Solar and wind energy are the future. But both of these renewable, sustainable energy sources are dependent on varying environmental conditions. Where does one store the extra energy produced by solar panels on a summer day or windmills churning as a breeze rips over the ocean? Traditional batteries require minerals that are dangerous and damaging to the Earth. While some researchers are pursuing experimental solutions, the “water battery” is a tried and true method for storing energy. An enormous Swiss water battery project—known as Nant de Drance—is at last operational. It is a glimpse into the future of energy storage.
For the past 14 years, construction crews have been working hard to complete this ambitious project. They began by hollowing out 11 miles of tunnels in the Swiss Alps connecting the reservoirs of Emosson and Vieux Emosson in Valais, Switzerland. Through these tunnels, they dragged building materials to construct an elegant arched dam to retain the upper body of water. Inside, they installed powerful turbines. After years of hard work, the system—Nant de Drance—is now operational. When in use to generate power, the turbines produce 900 MW of power, enough to power 900,000 homes.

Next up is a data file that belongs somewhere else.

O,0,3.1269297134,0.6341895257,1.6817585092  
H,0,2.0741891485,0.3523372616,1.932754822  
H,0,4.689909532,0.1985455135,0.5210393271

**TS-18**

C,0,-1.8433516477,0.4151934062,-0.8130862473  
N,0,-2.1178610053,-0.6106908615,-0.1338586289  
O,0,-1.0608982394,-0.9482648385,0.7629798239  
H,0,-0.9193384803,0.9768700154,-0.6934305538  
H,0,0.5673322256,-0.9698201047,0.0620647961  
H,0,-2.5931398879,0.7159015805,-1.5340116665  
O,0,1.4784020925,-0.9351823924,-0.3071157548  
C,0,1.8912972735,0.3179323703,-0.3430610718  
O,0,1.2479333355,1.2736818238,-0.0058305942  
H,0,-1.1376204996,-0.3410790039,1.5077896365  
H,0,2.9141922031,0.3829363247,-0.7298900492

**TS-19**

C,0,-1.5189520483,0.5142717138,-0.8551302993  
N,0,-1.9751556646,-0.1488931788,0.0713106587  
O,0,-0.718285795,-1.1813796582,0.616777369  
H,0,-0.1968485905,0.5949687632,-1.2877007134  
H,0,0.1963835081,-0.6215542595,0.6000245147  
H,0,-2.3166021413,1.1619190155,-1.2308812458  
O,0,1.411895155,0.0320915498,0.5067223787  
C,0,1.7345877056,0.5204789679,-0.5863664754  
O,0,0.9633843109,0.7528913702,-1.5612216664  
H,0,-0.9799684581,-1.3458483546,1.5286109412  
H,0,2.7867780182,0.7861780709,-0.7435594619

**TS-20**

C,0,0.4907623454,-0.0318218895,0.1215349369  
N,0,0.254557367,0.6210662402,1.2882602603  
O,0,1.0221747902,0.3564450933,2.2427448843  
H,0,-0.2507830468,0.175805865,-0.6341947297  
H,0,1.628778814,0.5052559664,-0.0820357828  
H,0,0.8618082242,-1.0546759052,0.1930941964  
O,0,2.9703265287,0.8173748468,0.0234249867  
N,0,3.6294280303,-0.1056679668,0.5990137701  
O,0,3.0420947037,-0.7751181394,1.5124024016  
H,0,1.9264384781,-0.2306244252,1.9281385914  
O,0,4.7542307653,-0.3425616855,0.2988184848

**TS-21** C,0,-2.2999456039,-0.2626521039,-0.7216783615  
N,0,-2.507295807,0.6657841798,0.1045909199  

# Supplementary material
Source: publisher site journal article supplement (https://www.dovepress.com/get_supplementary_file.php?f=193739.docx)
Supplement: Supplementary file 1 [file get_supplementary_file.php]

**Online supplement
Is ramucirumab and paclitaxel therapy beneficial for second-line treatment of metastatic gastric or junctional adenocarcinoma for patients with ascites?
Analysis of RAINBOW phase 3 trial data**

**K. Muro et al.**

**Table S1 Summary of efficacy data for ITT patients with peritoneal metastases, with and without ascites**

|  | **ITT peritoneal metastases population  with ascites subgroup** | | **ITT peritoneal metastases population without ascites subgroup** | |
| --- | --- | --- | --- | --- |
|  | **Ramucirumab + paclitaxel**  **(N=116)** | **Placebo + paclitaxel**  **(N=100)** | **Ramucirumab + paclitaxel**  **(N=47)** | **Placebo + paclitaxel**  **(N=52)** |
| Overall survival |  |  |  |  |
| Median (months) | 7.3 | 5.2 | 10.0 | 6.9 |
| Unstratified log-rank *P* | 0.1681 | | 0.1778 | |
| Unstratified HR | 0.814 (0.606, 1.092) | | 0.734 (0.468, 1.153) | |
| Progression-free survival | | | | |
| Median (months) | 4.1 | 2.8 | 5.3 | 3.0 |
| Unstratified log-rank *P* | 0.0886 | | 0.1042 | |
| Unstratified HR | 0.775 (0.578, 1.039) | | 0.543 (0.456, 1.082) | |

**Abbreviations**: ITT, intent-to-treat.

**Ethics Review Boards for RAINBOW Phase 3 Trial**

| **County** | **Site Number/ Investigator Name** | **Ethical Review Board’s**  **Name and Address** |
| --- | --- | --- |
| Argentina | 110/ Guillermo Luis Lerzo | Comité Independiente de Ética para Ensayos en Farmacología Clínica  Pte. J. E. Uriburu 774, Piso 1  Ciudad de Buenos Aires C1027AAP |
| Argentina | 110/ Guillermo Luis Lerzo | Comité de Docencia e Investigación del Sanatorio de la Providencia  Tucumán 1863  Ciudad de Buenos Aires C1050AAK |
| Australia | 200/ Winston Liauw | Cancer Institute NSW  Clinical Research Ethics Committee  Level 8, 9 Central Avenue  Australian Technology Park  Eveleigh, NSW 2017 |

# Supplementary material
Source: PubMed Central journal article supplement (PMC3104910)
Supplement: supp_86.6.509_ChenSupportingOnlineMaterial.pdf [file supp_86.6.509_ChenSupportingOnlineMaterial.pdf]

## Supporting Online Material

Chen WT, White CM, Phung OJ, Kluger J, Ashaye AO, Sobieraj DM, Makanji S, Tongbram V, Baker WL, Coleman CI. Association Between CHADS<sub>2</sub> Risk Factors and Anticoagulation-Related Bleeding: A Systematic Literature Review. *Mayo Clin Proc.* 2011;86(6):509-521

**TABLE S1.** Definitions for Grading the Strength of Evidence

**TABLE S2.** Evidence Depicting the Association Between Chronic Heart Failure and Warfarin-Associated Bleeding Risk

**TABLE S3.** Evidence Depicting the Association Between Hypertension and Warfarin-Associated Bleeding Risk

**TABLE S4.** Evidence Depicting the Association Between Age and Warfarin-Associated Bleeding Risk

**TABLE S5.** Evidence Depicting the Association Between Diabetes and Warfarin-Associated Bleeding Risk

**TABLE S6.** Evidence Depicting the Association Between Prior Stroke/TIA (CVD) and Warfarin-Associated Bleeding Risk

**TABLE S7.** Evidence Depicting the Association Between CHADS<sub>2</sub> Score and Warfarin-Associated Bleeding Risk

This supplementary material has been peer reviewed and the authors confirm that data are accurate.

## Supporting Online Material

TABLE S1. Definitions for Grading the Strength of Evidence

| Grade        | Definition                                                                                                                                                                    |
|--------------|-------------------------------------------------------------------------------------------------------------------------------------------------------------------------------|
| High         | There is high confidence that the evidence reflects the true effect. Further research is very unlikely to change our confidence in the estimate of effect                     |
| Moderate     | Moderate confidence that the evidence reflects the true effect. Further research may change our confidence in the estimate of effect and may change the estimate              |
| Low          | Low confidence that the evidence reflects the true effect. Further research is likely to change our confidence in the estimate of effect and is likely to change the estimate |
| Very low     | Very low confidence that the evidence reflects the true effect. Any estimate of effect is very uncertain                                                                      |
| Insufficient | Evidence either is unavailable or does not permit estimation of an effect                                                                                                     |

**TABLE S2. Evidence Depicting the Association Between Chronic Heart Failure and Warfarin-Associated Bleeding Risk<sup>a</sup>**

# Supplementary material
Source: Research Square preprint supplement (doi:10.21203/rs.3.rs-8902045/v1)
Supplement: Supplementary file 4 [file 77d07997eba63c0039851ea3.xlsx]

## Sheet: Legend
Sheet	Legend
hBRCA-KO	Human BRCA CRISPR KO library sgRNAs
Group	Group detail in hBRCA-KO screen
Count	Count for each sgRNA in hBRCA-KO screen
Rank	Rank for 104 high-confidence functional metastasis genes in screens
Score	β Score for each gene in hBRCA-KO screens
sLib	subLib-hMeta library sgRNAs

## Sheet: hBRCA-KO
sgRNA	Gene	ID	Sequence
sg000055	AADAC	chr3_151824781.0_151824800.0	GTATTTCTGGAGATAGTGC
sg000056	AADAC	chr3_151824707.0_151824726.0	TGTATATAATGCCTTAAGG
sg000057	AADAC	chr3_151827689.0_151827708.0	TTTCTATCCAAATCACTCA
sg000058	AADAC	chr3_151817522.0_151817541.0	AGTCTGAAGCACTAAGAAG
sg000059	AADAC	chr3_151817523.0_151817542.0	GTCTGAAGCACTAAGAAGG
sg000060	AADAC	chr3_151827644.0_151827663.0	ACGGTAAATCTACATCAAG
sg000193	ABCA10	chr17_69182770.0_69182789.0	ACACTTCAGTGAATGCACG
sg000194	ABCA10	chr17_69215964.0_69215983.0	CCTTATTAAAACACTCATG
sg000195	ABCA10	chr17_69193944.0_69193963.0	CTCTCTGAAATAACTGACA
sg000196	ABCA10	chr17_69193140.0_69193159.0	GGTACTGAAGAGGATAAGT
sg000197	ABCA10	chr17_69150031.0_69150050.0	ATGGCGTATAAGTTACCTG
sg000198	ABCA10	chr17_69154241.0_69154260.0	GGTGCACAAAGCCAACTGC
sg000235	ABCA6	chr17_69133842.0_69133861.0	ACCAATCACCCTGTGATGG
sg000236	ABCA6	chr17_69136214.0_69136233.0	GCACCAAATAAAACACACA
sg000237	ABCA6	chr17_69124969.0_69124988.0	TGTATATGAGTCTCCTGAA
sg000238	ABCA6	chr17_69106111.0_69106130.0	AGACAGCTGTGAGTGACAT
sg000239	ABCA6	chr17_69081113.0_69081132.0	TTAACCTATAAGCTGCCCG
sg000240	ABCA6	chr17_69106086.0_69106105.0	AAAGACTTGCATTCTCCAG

So, how does the water battery work? When excess energy needs to be stored, that energy is used to pump water from the lower to the upper reservoir. This is like charging a battery. The water then remains at the top of the system until the energy is needed, where it can store 20 million kWh of energy. The water is then channeled back down, passing through the massive turbines. They spin to “harvest” the stored energy. Simple physics is therefore a powerful solution to the storage problems of renewable energy.
This technology has been used for centuries in Switzerland. You can also find water batteries in other countries, like the U.S. and China. Despite the technological leaps forward in other battery technology, the classic water battery might just be the best—and arguably most beautiful—solution to energy storage problems.